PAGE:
A Brief History: Prenuptial Agreements

Nov 5, 2019 | Prenuptial Agreements

Prenups aren’t simply for the rich and famous, nor are they even a remotely recent concept. It may come as a surprise, but prenuptial agreements date back to at least ancient Egyptian times. That’s over 2,000 years of legal precedent! While modern prenuptial agreements are entered in between partners, in olden days prenups were negotiated between the couple’s parents — with no input from the couple themselves.


Ancient Egyptian prenuptial agreements could be either written or verbal, and they established the property that each spouse would bring to the marriage. These agreements were also used to determine the bride’s dowryand ‘bridewealth,’ therefore indicating the price that the groom would pay the bride’s family in exchange for the woman’s hand in marriage.


As with many traditions still present in today’s society, the Egyptians laid a solid foundation for our present interpretation. However, the Egyptians weren’t the only culture to embrace the notion of prenuptial agreements. The Hebrew culture also has over 2,000 years of history with the Ketubah, their version of a marriage contract. ‘Ketubah’ means ‘it is written’ in Hebrew, and it is one of the first legal documents that gave financial rights to women within a marriage. In fact, the Ketubah is said to be the first writteninstance of a document that ensured that a woman inherited her husband’s property if he died.


Perhaps surprisingly, the Ketubah is more than a traditional legal document. Ketubahs are artistically designed and printed in a creative manner. Although financial matters are detailed within the Ketubah, it is often framed and hung ornamentally within a couple’s home.


In European cultures, dowries are often thought to be the earliest examples of prenuptial agreements. The royals were early adopters of the more modern interpretation of a prenuptial agreement. Edward IV and Eleanor Butler reportedly signed a prenup in the mid 1400s. Three centuries later, in the mid 1700s, Elizabeth Oglethorpe requested General James Edward Oglethorpe sign a prenup so that Elizabeth could ensure she’d have property rights.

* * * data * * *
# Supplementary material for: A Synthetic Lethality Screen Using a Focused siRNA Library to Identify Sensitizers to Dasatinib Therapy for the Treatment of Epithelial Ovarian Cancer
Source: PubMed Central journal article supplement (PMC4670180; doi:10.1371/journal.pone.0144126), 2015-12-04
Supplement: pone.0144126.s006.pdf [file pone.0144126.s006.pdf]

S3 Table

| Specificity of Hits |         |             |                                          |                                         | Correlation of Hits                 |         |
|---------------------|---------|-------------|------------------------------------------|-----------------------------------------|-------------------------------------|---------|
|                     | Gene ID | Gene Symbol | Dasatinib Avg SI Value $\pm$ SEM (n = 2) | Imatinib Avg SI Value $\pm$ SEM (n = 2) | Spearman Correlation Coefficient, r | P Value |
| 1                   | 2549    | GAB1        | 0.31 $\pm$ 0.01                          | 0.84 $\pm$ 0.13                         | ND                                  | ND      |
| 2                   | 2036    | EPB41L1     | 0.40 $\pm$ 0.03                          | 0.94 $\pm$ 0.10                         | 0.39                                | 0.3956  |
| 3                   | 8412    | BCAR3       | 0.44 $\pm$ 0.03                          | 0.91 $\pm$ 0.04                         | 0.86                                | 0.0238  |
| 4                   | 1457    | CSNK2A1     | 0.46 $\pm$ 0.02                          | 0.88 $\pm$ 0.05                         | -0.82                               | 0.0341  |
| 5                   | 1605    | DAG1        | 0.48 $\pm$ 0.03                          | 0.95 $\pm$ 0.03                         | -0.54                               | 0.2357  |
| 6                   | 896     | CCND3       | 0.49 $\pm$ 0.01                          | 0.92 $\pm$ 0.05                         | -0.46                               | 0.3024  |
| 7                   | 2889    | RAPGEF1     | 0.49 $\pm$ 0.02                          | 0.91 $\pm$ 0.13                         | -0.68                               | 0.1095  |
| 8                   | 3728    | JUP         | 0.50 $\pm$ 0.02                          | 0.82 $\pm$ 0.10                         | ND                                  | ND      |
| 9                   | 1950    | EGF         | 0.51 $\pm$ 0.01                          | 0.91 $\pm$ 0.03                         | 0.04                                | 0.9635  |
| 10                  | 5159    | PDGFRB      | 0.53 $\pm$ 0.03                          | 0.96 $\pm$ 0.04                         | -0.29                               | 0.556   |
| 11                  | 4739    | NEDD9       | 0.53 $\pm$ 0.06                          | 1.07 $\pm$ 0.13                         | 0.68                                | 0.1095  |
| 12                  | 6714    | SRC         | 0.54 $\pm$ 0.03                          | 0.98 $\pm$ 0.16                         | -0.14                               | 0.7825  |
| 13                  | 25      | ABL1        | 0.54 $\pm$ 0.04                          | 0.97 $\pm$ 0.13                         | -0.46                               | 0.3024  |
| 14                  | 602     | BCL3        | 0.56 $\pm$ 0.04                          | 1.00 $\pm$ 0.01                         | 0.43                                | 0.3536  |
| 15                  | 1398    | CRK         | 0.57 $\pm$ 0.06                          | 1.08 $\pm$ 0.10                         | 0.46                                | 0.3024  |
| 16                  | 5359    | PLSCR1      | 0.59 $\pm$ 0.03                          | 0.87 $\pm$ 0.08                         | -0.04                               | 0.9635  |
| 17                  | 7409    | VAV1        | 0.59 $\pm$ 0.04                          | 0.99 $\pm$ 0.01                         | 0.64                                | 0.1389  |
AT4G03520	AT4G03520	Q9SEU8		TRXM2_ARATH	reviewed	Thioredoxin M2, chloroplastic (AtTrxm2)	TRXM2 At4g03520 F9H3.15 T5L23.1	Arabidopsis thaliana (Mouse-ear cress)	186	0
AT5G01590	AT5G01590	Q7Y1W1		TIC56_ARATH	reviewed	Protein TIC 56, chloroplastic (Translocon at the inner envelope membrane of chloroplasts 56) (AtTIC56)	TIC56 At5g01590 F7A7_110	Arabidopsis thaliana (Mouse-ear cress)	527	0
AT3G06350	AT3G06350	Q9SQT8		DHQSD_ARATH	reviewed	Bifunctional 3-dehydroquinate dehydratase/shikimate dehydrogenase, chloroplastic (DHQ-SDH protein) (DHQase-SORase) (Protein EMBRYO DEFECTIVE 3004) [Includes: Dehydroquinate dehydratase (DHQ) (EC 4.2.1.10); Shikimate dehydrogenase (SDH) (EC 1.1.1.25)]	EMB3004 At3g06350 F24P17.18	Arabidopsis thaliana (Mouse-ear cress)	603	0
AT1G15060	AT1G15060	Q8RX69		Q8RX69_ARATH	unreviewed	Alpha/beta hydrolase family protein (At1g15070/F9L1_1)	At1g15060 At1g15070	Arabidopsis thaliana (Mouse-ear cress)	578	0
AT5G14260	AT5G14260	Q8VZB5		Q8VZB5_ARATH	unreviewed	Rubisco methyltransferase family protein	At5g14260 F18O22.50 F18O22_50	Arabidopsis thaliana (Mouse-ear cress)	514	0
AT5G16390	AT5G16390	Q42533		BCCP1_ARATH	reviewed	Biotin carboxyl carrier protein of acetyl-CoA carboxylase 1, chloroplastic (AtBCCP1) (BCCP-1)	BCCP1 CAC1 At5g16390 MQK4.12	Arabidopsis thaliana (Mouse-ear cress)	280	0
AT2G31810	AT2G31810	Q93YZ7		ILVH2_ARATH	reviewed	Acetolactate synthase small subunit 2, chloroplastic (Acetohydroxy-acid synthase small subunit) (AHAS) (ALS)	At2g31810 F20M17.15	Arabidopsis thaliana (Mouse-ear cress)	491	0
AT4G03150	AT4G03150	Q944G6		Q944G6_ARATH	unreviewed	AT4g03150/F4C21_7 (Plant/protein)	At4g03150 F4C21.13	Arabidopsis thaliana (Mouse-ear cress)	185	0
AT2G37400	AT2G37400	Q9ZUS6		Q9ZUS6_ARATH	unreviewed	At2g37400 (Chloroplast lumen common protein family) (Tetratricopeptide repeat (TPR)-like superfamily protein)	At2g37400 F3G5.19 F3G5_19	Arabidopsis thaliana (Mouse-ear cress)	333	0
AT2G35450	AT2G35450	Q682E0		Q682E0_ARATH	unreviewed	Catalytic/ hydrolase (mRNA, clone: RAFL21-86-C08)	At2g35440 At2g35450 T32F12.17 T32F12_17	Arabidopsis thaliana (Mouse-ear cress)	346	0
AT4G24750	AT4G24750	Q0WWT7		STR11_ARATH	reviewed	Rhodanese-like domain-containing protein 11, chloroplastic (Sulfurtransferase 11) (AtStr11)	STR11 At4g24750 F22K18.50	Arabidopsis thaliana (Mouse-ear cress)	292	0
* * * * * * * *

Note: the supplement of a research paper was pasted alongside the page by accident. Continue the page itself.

In the United States, prenuptial agreements were necessary for women until the Married Women’s Property Act (MWPA) of 1848. Up until that point, women could wind up homeless with no property or money in the event of their husband’s death — even if children were involved. While the MWPA ensured that women could inherit property in accordance with their husband’s will, it didn’t offer the preemptive protection that people have come to love about prenuptial agreements nowadays.


Throughout the 19th and 20th centuries, prenuptial agreements continued to evolve. And now, in the 21st century, prenups are more diverse than ever. They come in many shapes and sizes, from lengthy and complex documents to rather straightforward agreements. Instead of being exclusively drawn to protect the interests of a wife, prenuptial agreements are now used on creating an equitable division of assets with which both partners agree.


The history of prenuptial agreements can be considered rather strange, but it’s quite interesting to look at how far we’ve come. If nothing else, it’s a considerable change that you can take take the power into your hands as a couple — instead of leaving your prenuptial terms in the hands of your future in-laws. And that, if you ask us, is quite a relief.


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